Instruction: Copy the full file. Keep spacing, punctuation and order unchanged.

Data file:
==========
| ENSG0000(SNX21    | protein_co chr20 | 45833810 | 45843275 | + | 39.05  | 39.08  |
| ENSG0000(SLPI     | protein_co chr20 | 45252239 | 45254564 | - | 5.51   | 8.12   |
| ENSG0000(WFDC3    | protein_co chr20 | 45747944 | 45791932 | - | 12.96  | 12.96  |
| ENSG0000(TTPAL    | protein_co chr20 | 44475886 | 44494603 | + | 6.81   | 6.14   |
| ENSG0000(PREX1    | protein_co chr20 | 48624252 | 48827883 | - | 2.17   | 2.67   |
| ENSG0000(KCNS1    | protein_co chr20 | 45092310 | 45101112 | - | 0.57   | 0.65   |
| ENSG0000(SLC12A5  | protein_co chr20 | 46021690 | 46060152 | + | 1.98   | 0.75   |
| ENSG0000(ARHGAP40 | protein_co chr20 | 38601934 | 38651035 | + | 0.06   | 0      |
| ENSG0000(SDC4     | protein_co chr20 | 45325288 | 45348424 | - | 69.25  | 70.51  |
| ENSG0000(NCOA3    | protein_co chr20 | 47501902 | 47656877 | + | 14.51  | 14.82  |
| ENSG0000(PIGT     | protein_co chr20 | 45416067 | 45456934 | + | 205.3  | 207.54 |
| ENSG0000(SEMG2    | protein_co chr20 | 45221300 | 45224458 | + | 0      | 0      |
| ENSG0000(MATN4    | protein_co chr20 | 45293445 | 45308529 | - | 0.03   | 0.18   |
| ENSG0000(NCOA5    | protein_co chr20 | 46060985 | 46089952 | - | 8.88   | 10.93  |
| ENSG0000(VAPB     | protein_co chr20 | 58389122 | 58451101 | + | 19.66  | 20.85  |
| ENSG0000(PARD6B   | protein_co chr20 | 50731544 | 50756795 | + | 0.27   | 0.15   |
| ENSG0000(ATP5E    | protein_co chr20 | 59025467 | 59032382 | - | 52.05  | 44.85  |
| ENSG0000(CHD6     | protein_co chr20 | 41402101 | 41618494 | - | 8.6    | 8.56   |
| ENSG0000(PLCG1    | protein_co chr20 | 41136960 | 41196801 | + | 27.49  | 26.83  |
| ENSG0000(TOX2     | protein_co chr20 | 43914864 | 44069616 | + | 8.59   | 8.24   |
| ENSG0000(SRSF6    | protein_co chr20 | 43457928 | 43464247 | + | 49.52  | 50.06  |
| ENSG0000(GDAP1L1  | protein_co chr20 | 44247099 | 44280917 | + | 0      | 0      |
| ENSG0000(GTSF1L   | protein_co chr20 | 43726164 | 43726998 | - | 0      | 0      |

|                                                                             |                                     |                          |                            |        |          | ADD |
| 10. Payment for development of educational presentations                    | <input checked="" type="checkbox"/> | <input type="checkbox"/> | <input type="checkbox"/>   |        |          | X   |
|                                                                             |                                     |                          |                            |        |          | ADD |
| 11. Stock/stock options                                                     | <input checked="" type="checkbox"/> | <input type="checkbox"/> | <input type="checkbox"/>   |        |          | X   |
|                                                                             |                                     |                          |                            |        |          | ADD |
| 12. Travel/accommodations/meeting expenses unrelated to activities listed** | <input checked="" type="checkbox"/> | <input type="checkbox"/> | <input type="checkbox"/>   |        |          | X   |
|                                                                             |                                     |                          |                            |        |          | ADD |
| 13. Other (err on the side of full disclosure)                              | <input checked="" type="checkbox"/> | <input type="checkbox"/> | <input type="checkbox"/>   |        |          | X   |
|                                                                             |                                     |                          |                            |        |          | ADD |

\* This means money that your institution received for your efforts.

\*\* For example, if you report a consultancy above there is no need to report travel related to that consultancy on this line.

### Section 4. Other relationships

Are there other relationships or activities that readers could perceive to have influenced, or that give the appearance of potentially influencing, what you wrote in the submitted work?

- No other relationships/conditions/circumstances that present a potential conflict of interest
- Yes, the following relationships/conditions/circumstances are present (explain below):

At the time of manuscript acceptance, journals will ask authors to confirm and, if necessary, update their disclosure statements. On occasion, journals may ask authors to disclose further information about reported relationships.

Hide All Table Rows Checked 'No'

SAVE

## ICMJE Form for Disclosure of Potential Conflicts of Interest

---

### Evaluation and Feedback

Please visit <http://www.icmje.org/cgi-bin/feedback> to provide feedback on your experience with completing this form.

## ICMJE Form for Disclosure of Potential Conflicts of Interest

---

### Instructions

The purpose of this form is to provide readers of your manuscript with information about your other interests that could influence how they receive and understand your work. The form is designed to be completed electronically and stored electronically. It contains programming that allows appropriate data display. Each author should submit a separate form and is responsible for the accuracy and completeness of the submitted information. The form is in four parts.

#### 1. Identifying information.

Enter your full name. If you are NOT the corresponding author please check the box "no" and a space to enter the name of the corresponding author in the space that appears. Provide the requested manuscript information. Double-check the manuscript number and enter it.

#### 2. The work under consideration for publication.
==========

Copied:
| ENSG0000(SNX21    | protein_co chr20 | 45833810 | 45843275 | + | 39.05  | 39.08  |
| ENSG0000(SLPI     | protein_co chr20 | 45252239 | 45254564 | - | 5.51   | 8.12   |
| ENSG0000(WFDC3    | protein_co chr20 | 45747944 | 45791932 | - | 12.96  | 12.96  |
| ENSG0000(TTPAL    | protein_co chr20 | 44475886 | 44494603 | + | 6.81   | 6.14   |
| ENSG0000(PREX1    | protein_co chr20 | 48624252 | 48827883 | - | 2.17   | 2.67   |
| ENSG0000(KCNS1    | protein_co chr20 | 45092310 | 45101112 | - | 0.57   | 0.65   |
| ENSG0000(SLC12A5  | protein_co chr20 | 46021690 | 46060152 | + | 1.98   | 0.75   |
| ENSG0000(ARHGAP40 | protein_co chr20 | 38601934 | 38651035 | + | 0.06   | 0      |
| ENSG0000(SDC4     | protein_co chr20 | 45325288 | 45348424 | - | 69.25  | 70.51  |
| ENSG0000(NCOA3    | protein_co chr20 | 47501902 | 47656877 | + | 14.51  | 14.82  |
| ENSG0000(PIGT     | protein_co chr20 | 45416067 | 45456934 | + | 205.3  | 207.54 |
| ENSG0000(SEMG2    | protein_co chr20 | 45221300 | 45224458 | + | 0      | 0      |
| ENSG0000(MATN4    | protein_co chr20 | 45293445 | 45308529 | - | 0.03   | 0.18   |
| ENSG0000(NCOA5    | protein_co chr20 | 46060985 | 46089952 | - | 8.88   | 10.93  |
| ENSG0000(VAPB     | protein_co chr20 | 58389122 | 58451101 | + | 19.66  | 20.85  |
| ENSG0000(PARD6B   | protein_co chr20 | 50731544 | 50756795 | + | 0.27   | 0.15   |
| ENSG0000(ATP5E    | protein_co chr20 | 59025467 | 59032382 | - | 52.05  | 44.85  |
| ENSG0000(CHD6     | protein_co chr20 | 41402101 | 41618494 | - | 8.6    | 8.56   |
| ENSG0000(PLCG1    | protein_co chr20 | 41136960 | 41196801 | + | 27.49  | 26.83  |
| ENSG0000(TOX2     | protein_co chr20 | 43914864 | 44069616 | + | 8.59   | 8.24   |
| ENSG0000(SRSF6    | protein_co chr20 | 43457928 | 43464247 | + | 49.52  | 50.06  |
| ENSG0000(GDAP1L1  | protein_co chr20 | 44247099 | 44280917 | + | 0      | 0      |
| ENSG0000(GTSF1L   | protein_co chr20 | 43726164 | 43726998 | - | 0      | 0      |

|                                                                             |                                     |                          |                            |        |          | ADD |
| 10. Payment for development of educational presentations                    | <input checked="" type="checkbox"/> | <input type="checkbox"/> | <input type="checkbox"/>   |        |          | X   |
|                                                                             |                                     |                          |                            |        |          | ADD |
| 11. Stock/stock options                                                     | <input checked="" type="checkbox"/> | <input type="checkbox"/> | <input type="checkbox"/>   |        |          | X   |
|                                                                             |                                     |                          |                            |        |          | ADD |
| 12. Travel/accommodations/meeting expenses unrelated to activities listed** | <input checked="" type="checkbox"/> | <input type="checkbox"/> | <input type="checkbox"/>   |        |          | X   |
|                                                                             |                                     |                          |                            |        |          | ADD |
| 13. Other (err on the side of full disclosure)                              | <input checked="" type="checkbox"/> | <input type="checkbox"/> | <input type="checkbox"/>   |        |          | X   |
|                                                                             |                                     |                          |                            |        |          | ADD |

\* This means money that your institution received for your efforts.

\*\* For example, if you report a consultancy above there is no need to report travel related to that consultancy on this line.

### Section 4. Other relationships

Are there other relationships or activities that readers could perceive to have influenced, or that give the appearance of potentially influencing, what you wrote in the submitted work?

- No other relationships/conditions/circumstances that present a potential conflict of interest
- Yes, the following relationships/conditions/circumstances are present (explain below):

At the time of manuscript acceptance, journals will ask authors to confirm and, if necessary, update their disclosure statements. On occasion, journals may ask authors to disclose further information about reported relationships.

Hide All Table Rows Checked 'No'

SAVE

## ICMJE Form for Disclosure of Potential Conflicts of Interest

---

### Evaluation and Feedback

Please visit <http://www.icmje.org/cgi-bin/feedback> to provide feedback on your experience with completing this form.

## ICMJE Form for Disclosure of Potential Conflicts of Interest

---

### Instructions

The purpose of this form is to provide readers of your manuscript with information about your other interests that could influence how they receive and understand your work. The form is designed to be completed electronically and stored electronically. It contains programming that allows appropriate data display. Each author should submit a separate form and is responsible for the accuracy and completeness of the submitted information. The form is in four parts.

#### 1. Identifying information.

Enter your full name. If you are NOT the corresponding author please check the box "no" and a space to enter the name of the corresponding author in the space that appears. Provide the requested manuscript information. Double-check the manuscript number and enter it.

#### 2. The work under consideration for publication.